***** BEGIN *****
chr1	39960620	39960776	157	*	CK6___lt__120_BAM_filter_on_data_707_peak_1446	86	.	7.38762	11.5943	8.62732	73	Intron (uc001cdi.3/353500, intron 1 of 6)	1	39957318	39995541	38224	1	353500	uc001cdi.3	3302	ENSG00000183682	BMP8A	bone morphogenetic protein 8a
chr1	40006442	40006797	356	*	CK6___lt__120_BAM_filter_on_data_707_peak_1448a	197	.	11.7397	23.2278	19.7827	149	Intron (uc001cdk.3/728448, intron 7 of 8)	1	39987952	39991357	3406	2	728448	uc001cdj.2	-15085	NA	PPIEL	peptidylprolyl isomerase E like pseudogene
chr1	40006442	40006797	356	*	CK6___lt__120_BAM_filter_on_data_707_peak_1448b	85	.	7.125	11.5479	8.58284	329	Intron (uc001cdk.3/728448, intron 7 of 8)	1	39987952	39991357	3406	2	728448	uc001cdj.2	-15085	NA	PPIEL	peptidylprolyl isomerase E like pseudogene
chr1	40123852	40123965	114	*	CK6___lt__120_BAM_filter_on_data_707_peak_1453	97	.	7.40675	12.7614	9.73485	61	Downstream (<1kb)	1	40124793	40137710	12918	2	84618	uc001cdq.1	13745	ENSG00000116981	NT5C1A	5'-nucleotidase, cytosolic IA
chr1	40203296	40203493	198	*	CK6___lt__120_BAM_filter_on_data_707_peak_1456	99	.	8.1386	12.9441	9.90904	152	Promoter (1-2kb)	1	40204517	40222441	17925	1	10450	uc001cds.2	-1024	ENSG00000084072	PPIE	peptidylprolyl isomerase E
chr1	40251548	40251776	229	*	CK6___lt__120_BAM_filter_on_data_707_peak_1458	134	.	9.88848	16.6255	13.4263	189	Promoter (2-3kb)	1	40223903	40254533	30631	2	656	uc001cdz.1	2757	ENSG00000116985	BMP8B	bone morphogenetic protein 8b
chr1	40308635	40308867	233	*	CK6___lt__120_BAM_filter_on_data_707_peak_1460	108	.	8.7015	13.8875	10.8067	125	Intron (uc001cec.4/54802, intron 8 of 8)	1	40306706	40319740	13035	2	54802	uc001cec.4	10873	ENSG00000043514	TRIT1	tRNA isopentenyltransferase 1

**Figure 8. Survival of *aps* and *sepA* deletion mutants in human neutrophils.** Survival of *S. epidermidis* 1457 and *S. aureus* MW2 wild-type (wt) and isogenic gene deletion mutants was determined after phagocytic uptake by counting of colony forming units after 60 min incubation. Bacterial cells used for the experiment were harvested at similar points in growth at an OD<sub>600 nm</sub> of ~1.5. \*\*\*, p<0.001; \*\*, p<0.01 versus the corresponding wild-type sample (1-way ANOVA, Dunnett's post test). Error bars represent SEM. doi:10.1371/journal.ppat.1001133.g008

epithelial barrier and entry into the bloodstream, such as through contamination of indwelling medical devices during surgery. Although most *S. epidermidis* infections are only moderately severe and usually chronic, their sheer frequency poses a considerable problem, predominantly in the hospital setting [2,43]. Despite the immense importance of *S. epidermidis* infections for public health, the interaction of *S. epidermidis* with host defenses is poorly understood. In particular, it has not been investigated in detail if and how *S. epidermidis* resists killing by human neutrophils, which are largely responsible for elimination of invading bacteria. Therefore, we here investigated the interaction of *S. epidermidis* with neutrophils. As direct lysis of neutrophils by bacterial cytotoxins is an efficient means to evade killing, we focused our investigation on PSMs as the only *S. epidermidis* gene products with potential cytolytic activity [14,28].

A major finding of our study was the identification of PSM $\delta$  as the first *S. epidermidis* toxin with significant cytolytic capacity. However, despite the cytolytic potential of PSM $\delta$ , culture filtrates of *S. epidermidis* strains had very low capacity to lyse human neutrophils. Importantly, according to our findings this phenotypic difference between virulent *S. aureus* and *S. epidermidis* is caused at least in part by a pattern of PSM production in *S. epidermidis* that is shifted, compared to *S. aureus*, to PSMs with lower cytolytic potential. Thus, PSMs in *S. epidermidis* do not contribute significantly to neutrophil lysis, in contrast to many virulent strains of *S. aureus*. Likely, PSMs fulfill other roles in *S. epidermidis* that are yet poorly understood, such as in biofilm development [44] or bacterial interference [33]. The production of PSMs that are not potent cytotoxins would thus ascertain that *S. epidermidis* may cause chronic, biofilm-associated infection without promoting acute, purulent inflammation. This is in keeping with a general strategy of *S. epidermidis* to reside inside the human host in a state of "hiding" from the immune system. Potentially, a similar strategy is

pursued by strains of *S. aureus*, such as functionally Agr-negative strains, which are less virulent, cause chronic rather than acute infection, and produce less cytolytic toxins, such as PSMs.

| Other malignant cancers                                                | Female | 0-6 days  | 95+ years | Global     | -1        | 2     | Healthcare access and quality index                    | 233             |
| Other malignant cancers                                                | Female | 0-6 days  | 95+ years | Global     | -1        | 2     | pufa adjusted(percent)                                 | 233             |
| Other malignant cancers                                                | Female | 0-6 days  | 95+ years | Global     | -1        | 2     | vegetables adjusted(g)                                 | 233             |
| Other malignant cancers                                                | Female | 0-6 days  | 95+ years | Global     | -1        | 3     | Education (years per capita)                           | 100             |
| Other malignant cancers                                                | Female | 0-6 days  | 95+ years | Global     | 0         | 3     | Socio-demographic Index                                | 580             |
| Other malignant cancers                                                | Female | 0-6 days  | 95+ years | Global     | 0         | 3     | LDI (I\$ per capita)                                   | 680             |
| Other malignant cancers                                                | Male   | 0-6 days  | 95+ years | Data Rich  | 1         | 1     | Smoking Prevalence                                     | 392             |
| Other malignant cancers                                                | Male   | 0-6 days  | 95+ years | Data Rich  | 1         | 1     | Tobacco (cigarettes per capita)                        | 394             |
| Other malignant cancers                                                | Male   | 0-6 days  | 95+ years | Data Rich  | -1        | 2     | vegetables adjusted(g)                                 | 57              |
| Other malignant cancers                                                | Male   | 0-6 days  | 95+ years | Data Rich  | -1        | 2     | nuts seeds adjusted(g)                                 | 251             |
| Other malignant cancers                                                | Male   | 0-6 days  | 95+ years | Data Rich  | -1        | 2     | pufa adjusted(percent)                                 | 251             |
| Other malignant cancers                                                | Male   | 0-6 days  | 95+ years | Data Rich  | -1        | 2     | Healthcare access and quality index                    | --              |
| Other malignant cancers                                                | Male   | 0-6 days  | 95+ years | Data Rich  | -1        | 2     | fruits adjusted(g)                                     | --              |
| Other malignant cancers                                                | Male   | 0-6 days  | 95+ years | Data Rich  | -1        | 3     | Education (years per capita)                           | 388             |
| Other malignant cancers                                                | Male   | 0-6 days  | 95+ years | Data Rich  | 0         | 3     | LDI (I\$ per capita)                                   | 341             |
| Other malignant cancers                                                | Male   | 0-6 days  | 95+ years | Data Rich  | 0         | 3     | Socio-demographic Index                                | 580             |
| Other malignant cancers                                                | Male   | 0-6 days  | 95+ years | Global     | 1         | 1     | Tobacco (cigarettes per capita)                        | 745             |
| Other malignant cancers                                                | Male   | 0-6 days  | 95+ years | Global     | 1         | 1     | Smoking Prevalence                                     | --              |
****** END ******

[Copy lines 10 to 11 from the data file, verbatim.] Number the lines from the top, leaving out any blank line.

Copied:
A major finding of our study was the identification of PSM $\delta$  as the first *S. epidermidis* toxin with significant cytolytic capacity. However, despite the cytolytic potential of PSM $\delta$ , culture filtrates of *S. epidermidis* strains had very low capacity to lyse human neutrophils. Importantly, according to our findings this phenotypic difference between virulent *S. aureus* and *S. epidermidis* is caused at least in part by a pattern of PSM production in *S. epidermidis* that is shifted, compared to *S. aureus*, to PSMs with lower cytolytic potential. Thus, PSMs in *S. epidermidis* do not contribute significantly to neutrophil lysis, in contrast to many virulent strains of *S. aureus*. Likely, PSMs fulfill other roles in *S. epidermidis* that are yet poorly understood, such as in biofilm development [44] or bacterial interference [33]. The production of PSMs that are not potent cytotoxins would thus ascertain that *S. epidermidis* may cause chronic, biofilm-associated infection without promoting acute, purulent inflammation. This is in keeping with a general strategy of *S. epidermidis* to reside inside the human host in a state of "hiding" from the immune system. Potentially, a similar strategy is

pursued by strains of *S. aureus*, such as functionally Agr-negative strains, which are less virulent, cause chronic rather than acute infection, and produce less cytolytic toxins, such as PSMs.